Jay Chandrasekhar, director of Super Troopers, Club Dread and Beerfest as well as TV shows such as Arrested Development, Community and The Goldbergs, on taking his first steps into directing with comedy troupe Broken Lizard, surprise funding for the original Super Troopers, and his experience crowdfunding Super Troopers 2.
On a Sunday evening back in 2003, my uni friends and I were in recovery mode after a Friday and Saturday night of partying. Soundly beaten, we decided to blob in front of the TV and watch a relatively little known film (here in the UK at least) called Super Troopers. What followed was the discovery of 5 new comedy heroes, a gloriously fun turn from Brian Cox, and ultimately, because of the sheer fun of the film, another night of drinking.
Broken Lizard, the banner under which Jay Chandrasekhar, Steve Lemme, Paul Soter, Erik Stolhanske and Kevin Heffernan have been producing sketch comedy and films since the mid-90's, had come out of nowhere and knocked us for six. So it was with great privilege that I recently spoke to Jay Chandrasekhar, the director of the pack, about the group's beginnings, his journey from performer to director, and more recently, crowdfunding the crowd-pleasing Super Troopers 2.
"After finishing college across two separate years, we reformed in New York city as Broken Lizard. We were doing live shows which were basically a Monty Python-Saturday Night Live melding. In between the sketches, we shot short videos. Those were really designed because our costumes were so elaborate that we needed time to change out of a banana costume or mermaid costume, or whatever. We started shooting these videos and slowly they became more and more sophisticated. I'd shoot and go to edit something and say, "I wish I had that shot." Then the next time I'd shoot something I would get that shot, and so you learn by trial."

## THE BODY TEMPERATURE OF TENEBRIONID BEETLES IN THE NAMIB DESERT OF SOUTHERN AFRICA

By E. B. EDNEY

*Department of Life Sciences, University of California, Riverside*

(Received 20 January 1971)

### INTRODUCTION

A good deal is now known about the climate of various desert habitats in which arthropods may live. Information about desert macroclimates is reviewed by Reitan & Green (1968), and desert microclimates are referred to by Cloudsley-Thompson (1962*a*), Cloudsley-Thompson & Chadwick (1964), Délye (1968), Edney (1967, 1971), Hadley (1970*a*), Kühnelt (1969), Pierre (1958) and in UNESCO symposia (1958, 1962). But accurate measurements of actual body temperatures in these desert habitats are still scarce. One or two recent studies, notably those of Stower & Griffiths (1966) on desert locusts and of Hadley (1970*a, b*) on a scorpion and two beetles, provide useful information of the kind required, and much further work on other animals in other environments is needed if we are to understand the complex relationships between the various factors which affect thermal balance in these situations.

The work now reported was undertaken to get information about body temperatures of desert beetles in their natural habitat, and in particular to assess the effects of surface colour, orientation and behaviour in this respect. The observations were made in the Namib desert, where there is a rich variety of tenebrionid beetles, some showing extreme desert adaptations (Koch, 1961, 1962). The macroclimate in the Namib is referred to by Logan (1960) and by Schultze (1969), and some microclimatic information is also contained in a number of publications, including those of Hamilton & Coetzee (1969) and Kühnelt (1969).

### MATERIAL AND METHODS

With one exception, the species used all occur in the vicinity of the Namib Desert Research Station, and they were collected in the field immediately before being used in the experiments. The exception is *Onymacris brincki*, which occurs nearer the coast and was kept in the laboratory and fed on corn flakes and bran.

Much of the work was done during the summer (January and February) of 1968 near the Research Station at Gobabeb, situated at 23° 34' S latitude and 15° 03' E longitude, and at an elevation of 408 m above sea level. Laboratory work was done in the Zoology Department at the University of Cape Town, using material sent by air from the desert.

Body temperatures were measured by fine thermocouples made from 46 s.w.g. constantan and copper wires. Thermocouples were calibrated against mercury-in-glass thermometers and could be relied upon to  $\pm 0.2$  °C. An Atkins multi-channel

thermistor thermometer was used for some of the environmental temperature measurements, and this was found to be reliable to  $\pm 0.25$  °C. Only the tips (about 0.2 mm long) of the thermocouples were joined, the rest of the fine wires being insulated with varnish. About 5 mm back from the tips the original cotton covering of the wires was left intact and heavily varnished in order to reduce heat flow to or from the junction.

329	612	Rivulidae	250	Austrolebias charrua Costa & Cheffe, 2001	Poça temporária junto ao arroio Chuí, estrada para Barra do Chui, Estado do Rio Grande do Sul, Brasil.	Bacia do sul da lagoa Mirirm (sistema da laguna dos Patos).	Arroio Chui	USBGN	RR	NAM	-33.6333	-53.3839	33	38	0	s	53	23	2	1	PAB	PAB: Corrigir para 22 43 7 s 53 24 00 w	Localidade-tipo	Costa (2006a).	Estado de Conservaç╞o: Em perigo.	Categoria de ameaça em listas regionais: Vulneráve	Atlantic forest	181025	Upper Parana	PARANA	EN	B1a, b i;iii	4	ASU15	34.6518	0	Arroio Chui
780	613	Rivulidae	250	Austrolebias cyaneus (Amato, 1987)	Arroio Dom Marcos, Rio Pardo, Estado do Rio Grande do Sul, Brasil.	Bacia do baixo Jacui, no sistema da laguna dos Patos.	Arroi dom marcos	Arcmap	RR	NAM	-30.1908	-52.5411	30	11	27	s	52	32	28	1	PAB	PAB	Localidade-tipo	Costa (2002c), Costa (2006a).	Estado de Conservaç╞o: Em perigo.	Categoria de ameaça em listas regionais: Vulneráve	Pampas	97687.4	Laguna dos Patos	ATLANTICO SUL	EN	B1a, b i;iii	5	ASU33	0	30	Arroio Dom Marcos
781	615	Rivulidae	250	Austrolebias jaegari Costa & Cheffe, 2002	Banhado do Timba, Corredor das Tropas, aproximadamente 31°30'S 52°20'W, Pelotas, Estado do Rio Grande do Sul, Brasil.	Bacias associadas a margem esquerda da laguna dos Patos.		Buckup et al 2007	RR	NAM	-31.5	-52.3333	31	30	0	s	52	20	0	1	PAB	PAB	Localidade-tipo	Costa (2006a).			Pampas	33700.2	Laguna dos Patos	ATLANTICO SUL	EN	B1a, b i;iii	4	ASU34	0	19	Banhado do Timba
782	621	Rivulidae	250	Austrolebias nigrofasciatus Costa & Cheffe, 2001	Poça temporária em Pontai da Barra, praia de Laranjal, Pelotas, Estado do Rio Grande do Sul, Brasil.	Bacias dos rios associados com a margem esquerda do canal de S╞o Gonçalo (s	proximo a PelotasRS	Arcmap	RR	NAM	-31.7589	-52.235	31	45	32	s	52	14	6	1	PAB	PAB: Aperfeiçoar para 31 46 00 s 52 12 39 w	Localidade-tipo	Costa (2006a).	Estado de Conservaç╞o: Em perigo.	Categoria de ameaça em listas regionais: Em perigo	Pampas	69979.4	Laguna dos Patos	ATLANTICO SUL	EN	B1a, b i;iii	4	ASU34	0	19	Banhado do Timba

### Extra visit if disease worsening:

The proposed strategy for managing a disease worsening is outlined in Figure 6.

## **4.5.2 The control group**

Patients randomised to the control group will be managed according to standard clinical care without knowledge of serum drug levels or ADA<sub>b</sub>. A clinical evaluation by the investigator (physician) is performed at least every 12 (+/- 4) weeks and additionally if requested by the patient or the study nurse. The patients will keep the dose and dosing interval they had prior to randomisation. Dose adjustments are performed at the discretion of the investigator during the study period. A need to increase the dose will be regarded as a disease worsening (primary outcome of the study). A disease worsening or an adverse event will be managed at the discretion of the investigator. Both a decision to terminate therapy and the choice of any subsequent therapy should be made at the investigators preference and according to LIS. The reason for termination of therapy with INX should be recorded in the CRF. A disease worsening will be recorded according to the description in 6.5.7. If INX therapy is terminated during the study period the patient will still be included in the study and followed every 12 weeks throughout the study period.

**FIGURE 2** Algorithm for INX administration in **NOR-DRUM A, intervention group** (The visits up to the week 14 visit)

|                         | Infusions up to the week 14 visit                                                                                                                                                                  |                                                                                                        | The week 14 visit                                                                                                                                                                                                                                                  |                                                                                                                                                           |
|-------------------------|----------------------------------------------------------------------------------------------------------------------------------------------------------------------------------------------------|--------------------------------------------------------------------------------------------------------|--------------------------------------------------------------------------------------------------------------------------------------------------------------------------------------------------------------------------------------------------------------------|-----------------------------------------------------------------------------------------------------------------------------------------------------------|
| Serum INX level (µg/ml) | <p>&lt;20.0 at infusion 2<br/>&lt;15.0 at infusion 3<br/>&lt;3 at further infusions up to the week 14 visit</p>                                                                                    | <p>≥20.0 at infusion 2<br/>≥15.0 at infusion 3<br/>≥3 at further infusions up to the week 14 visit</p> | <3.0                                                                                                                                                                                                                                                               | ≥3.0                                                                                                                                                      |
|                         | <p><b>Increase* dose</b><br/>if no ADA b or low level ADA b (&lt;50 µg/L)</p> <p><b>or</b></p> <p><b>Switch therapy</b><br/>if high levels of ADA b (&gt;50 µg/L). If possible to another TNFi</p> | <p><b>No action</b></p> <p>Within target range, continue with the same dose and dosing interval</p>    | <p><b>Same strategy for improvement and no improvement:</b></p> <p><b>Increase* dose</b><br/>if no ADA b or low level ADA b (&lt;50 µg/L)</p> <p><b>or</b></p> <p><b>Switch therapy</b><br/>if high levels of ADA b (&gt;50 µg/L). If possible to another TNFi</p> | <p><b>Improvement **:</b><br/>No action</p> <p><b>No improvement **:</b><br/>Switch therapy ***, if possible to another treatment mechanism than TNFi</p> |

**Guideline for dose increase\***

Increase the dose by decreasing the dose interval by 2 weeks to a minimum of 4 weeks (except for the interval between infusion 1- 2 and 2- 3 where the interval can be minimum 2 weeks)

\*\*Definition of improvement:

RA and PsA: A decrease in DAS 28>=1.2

Shooting video fillers for dressing time during a live sketch comedy show is a far cry from directing a feature film that would premiere at the Sundance Film Festival. That's quite a leap for any filmmaker. Being in New York had it's advantages for Jay, however. who elected to take a film class at NYU over one summer in preparation for filming Puddle Cruiser, and the career he sensed coming down the tracks,
"We made five silent, black and white, 16-mm films. I did that and learned a little bit of the difference between video and film. One of the guys I met in that class, and as Broken Lizard, we wrote a half an hour film and the two of us co-directed it. After that we decided to make a feature film. New York City at the time was really bustling with the whole independent film revolution. Kevin Smith made Clerks for $40,000 and Eddie Burns made The Brothers McMullen for $60,000. Richard Linklater made Slacker for $110,00 or so. We were there watching it happen and said, "We can do that.".